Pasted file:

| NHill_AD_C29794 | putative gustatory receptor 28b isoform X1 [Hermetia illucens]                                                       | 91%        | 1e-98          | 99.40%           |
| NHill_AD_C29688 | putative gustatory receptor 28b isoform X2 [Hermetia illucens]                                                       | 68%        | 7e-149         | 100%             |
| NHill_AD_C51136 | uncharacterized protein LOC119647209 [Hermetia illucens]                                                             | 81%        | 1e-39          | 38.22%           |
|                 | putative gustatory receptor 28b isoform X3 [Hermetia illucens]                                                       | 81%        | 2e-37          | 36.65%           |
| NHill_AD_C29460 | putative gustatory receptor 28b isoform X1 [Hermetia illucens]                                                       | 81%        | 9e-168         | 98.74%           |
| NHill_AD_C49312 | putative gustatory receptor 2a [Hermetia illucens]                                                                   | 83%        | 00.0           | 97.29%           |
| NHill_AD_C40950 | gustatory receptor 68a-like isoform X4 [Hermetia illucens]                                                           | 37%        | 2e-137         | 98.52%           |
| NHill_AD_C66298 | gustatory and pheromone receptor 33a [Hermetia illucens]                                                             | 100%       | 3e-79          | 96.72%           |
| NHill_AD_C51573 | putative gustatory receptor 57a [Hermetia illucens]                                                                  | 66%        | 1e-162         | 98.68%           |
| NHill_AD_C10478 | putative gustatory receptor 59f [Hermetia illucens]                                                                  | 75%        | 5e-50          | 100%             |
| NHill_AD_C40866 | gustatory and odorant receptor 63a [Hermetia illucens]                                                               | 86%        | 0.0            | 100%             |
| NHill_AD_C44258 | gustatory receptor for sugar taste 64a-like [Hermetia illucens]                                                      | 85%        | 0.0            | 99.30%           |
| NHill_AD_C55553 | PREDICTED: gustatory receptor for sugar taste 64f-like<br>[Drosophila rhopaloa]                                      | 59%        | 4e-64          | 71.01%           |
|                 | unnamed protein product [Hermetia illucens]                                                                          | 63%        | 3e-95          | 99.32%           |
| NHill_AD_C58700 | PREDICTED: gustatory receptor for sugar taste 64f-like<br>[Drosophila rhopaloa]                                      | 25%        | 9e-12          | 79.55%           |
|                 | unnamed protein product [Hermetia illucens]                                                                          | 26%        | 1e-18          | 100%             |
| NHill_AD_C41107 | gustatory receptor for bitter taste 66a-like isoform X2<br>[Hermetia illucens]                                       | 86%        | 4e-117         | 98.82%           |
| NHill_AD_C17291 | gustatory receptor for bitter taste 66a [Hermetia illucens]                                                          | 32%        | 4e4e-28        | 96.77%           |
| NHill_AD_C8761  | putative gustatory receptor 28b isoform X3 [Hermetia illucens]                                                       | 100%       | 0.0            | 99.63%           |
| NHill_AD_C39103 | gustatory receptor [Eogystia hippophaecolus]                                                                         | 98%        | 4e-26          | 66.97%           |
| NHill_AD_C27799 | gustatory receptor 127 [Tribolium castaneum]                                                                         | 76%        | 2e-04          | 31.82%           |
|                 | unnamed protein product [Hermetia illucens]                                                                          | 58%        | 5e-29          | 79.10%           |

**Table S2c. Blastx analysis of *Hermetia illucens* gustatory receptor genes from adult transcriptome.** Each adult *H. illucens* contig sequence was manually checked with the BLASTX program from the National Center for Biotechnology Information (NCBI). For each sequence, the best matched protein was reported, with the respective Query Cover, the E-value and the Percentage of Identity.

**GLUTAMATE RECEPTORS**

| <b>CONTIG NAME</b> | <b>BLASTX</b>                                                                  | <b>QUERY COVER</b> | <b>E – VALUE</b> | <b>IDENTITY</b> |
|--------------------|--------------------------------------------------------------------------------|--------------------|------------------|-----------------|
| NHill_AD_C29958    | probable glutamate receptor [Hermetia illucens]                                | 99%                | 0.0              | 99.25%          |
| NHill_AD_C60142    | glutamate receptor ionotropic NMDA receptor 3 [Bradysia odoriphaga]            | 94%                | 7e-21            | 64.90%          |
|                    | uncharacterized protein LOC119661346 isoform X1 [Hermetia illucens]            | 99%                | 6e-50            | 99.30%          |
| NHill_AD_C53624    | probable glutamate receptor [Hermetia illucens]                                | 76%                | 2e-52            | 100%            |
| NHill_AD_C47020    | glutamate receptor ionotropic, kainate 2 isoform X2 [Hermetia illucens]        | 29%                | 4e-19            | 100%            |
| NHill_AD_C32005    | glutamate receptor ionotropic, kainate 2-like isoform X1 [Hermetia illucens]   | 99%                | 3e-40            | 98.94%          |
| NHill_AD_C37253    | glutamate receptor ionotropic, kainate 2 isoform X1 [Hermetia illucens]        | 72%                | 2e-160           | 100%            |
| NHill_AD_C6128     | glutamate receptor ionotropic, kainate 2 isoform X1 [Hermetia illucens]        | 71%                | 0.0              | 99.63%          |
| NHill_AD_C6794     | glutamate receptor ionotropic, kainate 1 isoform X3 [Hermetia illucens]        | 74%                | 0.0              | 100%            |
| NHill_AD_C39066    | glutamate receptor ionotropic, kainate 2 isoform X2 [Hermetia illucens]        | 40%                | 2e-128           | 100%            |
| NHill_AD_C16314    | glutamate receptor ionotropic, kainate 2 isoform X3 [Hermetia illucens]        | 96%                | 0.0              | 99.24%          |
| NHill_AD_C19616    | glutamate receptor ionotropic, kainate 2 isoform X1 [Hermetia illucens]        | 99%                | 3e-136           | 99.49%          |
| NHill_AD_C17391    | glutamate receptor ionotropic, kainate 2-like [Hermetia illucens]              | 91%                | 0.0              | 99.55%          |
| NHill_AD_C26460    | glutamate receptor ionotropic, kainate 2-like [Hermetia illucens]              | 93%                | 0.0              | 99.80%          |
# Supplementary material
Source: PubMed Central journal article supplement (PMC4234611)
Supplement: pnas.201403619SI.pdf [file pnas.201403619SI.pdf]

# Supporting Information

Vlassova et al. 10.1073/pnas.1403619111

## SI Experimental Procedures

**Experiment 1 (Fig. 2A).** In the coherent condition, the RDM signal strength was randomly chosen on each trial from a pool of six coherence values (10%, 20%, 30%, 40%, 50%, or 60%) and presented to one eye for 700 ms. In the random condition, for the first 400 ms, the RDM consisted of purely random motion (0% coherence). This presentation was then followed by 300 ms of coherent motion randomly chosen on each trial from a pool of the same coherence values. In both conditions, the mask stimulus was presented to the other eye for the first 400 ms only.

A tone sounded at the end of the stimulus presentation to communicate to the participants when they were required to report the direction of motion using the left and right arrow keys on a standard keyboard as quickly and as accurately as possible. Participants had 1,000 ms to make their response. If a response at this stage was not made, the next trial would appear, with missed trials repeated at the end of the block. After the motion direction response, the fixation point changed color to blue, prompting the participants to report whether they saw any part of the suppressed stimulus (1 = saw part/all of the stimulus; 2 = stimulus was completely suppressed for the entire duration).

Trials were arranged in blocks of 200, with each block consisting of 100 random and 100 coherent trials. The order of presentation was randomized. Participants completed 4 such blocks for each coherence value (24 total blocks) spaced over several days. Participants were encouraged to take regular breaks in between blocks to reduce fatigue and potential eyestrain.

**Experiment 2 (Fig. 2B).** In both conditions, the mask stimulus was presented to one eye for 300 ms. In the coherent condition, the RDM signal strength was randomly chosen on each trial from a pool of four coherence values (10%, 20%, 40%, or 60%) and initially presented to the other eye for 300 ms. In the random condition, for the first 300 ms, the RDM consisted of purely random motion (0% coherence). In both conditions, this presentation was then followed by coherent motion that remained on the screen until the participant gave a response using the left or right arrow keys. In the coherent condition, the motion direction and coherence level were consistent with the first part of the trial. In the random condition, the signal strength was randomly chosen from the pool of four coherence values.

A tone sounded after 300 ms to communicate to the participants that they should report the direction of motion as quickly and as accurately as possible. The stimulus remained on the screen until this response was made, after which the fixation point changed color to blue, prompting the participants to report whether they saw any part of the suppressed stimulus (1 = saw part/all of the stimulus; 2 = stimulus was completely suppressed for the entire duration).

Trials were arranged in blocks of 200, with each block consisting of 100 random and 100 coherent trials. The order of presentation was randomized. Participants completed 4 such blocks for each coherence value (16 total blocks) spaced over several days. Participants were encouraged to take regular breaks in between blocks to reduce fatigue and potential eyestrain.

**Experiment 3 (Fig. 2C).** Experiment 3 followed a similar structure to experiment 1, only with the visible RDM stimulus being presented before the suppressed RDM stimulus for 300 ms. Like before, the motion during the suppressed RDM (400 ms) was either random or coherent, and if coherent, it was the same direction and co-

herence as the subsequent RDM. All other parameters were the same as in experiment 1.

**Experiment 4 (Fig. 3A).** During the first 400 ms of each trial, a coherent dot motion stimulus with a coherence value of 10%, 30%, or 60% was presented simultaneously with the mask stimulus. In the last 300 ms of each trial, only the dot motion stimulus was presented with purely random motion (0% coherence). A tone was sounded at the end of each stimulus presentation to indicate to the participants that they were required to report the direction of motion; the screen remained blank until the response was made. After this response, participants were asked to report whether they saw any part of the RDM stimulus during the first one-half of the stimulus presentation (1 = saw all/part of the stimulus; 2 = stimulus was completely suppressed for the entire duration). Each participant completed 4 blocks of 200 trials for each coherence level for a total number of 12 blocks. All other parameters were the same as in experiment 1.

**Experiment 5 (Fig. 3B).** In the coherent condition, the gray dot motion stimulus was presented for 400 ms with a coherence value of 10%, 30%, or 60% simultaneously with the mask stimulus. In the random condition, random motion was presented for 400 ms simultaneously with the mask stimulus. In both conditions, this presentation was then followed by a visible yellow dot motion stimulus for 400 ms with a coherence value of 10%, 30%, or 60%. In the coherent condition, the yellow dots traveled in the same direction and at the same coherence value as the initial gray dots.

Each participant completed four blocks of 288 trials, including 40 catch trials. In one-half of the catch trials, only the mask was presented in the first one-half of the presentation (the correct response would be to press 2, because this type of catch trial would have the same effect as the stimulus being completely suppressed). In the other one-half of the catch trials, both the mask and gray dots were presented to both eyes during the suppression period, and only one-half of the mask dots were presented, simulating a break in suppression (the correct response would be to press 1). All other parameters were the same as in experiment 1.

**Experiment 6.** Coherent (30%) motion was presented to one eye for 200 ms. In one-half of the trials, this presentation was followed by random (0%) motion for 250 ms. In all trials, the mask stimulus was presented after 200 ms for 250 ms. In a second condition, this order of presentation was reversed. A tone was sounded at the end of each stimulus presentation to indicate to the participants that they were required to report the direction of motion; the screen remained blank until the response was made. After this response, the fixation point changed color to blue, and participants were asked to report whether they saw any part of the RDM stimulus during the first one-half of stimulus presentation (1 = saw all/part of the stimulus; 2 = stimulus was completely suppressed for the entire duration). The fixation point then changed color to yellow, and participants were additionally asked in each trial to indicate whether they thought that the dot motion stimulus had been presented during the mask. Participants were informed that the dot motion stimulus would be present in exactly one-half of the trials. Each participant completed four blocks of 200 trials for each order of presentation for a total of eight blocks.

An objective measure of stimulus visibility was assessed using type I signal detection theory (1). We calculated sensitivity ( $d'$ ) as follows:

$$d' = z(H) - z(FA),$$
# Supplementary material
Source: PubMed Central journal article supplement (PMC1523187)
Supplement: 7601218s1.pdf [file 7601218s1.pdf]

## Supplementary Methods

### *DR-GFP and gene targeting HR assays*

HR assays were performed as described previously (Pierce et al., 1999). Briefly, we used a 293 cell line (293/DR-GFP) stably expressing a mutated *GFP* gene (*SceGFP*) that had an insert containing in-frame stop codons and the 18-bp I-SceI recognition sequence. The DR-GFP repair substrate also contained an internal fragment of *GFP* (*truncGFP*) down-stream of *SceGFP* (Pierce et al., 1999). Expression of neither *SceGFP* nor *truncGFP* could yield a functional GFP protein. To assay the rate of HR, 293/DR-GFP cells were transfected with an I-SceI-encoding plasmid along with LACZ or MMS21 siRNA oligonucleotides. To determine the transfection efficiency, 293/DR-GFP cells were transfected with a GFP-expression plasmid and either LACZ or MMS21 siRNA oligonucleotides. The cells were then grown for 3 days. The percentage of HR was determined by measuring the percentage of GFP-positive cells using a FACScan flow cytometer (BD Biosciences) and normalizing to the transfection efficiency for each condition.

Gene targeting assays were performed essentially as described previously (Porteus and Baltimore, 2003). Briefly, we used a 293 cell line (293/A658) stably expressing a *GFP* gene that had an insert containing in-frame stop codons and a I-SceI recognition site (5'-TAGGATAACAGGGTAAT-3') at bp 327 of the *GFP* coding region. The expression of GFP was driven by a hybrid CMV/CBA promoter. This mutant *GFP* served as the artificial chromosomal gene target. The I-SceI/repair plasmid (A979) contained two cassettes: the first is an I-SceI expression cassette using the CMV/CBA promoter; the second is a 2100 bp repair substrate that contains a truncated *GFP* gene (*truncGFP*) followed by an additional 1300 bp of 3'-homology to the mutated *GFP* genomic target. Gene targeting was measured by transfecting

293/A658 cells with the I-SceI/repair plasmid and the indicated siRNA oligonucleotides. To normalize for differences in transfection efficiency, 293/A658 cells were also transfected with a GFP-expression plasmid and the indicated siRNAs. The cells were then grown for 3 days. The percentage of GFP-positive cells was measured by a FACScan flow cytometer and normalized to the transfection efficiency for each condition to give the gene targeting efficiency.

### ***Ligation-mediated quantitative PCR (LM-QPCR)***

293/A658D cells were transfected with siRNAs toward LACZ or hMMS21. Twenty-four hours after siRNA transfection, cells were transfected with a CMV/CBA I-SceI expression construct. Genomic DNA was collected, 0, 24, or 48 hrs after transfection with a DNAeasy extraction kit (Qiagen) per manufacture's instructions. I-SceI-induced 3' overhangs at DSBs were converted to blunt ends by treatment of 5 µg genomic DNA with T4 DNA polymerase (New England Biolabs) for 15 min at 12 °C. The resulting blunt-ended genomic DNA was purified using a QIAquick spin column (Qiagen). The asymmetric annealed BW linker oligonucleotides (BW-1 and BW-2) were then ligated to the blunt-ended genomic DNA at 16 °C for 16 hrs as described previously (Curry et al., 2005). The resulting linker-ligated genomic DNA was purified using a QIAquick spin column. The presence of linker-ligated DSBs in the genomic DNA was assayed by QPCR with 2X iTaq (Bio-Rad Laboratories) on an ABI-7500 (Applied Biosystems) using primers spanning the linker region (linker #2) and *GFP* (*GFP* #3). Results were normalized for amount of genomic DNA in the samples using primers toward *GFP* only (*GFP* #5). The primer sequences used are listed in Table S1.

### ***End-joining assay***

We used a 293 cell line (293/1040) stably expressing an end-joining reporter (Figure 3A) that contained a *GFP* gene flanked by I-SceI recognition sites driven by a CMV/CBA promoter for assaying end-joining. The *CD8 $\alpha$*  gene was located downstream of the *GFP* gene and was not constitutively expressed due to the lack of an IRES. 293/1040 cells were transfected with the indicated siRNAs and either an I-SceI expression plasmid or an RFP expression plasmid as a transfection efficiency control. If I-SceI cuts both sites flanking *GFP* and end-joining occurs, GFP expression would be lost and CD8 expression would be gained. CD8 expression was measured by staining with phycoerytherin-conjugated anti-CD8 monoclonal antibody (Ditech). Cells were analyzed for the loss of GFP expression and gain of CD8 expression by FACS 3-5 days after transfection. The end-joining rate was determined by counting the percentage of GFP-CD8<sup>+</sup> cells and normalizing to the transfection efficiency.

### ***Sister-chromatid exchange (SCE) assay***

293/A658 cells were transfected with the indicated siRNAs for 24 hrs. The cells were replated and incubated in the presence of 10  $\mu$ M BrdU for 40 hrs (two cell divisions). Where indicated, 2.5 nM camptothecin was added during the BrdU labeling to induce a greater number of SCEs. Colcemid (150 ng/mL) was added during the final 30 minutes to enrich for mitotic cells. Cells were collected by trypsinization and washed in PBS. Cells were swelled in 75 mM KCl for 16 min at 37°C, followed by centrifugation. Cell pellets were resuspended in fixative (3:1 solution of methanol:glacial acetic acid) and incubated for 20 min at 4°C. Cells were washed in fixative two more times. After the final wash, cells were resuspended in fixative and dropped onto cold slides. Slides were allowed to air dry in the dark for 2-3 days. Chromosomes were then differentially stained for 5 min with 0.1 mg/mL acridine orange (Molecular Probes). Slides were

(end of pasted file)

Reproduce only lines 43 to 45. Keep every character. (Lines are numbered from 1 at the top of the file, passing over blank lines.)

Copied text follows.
Supplement: pnas.201403619SI.pdf [file pnas.201403619SI.pdf]

# Supporting Information

Vlassova et al. 10.1073/pnas.1403619111